No one expected Campaign 2012 to be positive or uplifting. The country's problems are too severe and the battle lines between Republicans and Democrats have been hardened by almost four years of conflict between the White House and Congress.
But what is most striking about the campaign at this point is not just the negativity or the sheer volume of attack ads raining down on voters in the swing states. It is the sense that all restraints are gone, the guardrails have disappeared and there is no incentive for anyone to hold back. The other guy does it, so we're going to do it too.
Mitt Romney's selection of Rep. Paul Ryan of Wisconsin as his vice presidential running mate seemed like an opportunity for the both sides to pause and reset after one of the ugliest weeks of the year. Instead, this week has produced the harshest rhetoric and the angriest accusations of the campaign.
Vice President Joe Biden triggered the latest round Tuesday with lines, that, had they been uttered by a Republican, likely would have set off an even bigger firestorm. Biden told an audience in Virginia that Romney would "unchain" the big banks if he were elected president and then added, "They're going to put y'all back in chains."
Biden later tried to temper his language, but the damage was done. Within hours, Romney unloaded on the president. Campaigning in Ohio, he said Obama's "angry and desperate" campaign had brought disrespect to the office of the presidency. "Mr. President," he added, "take your campaign of division and anger and hate back to Chicago and let us get about rebuilding and reuniting America."
That brought an incendiary response from the Obama campaign. Spokesman Ben LaBolt said Romney's comments "seemed unhinged."
Both Romney and Obama talk about this election being about big choices. That's certainly true, given the opposing worldviews of the candidates. But fear and anger motivate each side's activists. Partisans on both sides imagine the worst will happen if the other side wins. That, in turn, animates the strategies unfolding now.
Mock outrage has long been a part of every campaign's toolkit, but there is a sense now that the outrage is genuine.
Neither side has had to look far to find an excuse to launch an attack or cry foul. Obama's allies took the campaign over the edge last week and the Obama campaign did nothing to stop it. The most egregious example of a campaign out of bounds was the ad prepared by Priorities USA, the super PAC supporting Obama.
The ad tied Romney to the cancer death of the wife of Joe Soptic, who lost his health insurance and his job when a steel company that Bain Capital had taken over while Romney was at the company later went bankrupt, after Romney left Bain.
The ad was not shown on television last week but did air in Cleveland this week. Obama campaign advisers at first tried to distance themselves from the ad by claiming they didn't know the details of Soptic's situation. In fact, they had used Soptic in one of their own ads earlier this year and put him on a conference call with reporters at the time.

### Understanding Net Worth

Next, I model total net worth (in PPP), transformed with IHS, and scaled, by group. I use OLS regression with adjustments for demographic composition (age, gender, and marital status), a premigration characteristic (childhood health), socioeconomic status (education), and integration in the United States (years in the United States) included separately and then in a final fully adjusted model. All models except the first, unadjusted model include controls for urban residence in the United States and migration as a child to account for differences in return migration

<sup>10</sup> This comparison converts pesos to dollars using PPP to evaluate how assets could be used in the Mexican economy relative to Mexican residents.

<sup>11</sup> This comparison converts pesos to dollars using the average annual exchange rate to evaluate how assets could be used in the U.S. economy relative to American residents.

The Obama campaign also has refused to denounce Senate Majority Leader Harry Reid, D-Nev., for making the unsubstantiated accusation that Romney paid no taxes for 10 years. He claimed that a Bain investor told him that, but he refused to identify the person or retract the claim when Romney denied the charge.
Mention the Soptic ad to the Obama team and instead of showing any remorse or regret, they point to the ad Romney aired that accuses Obama of gutting the work requirement in the welfare reform act that was passed by a Republican Congress and signed into law by then President Bill Clinton in 1996.
The changes were in response to requests from some governors, including Republicans, who wanted more flexibility. Administration officials say they are not letting states off the hook on the work requirement, and Clinton denounced the ad as a false charge. A leading Republican welfare reform expert has said it is "implausible" to believe Obama is trying to keep more people on welfare. Fact-checking outlets have declared the ad erroneous. Romney's campaign has doubled down rather than walk away.
Negative ads are now one of the growth industries in an otherwise weak economy. How much is being spent? Romney's campaign briefed reporters last Friday and included the following statistics. The amount of money spent on all advertising since early April in four key states is as follows: Florida, $95 million; Ohio, $92 million; Virginia, $68 million; North Carolina, $50 million.
The only check on the campaigns is the marketplace, said John Geer, a political science professor at Vanderbilt University. "If voters move against his attacks, he (Obama) will move away from them," he wrote in an email response to a question. "But right now, the attacks are working on swing voters. The other 90 percent of the public are pretty much fixed in their preferences. They may be unhappy about them (the ads), but they are not driving the marketplace."
Obama and his team have their own list of grievances about the claims and accusations that have come from Romney and his allies. They point to what they see as rhetoric questioning the president's patriotism and American values, code, they believe, for a revival of birtherism.
This campaign will end in November. Then it will be either Obama's or Romney's responsibility to try to govern. Both sides have turned the election into an all-or-nothing battle and hope to claim a mandate. But it will take time and great effort for the winner to drain the poison from the system if the campaign continues on this course.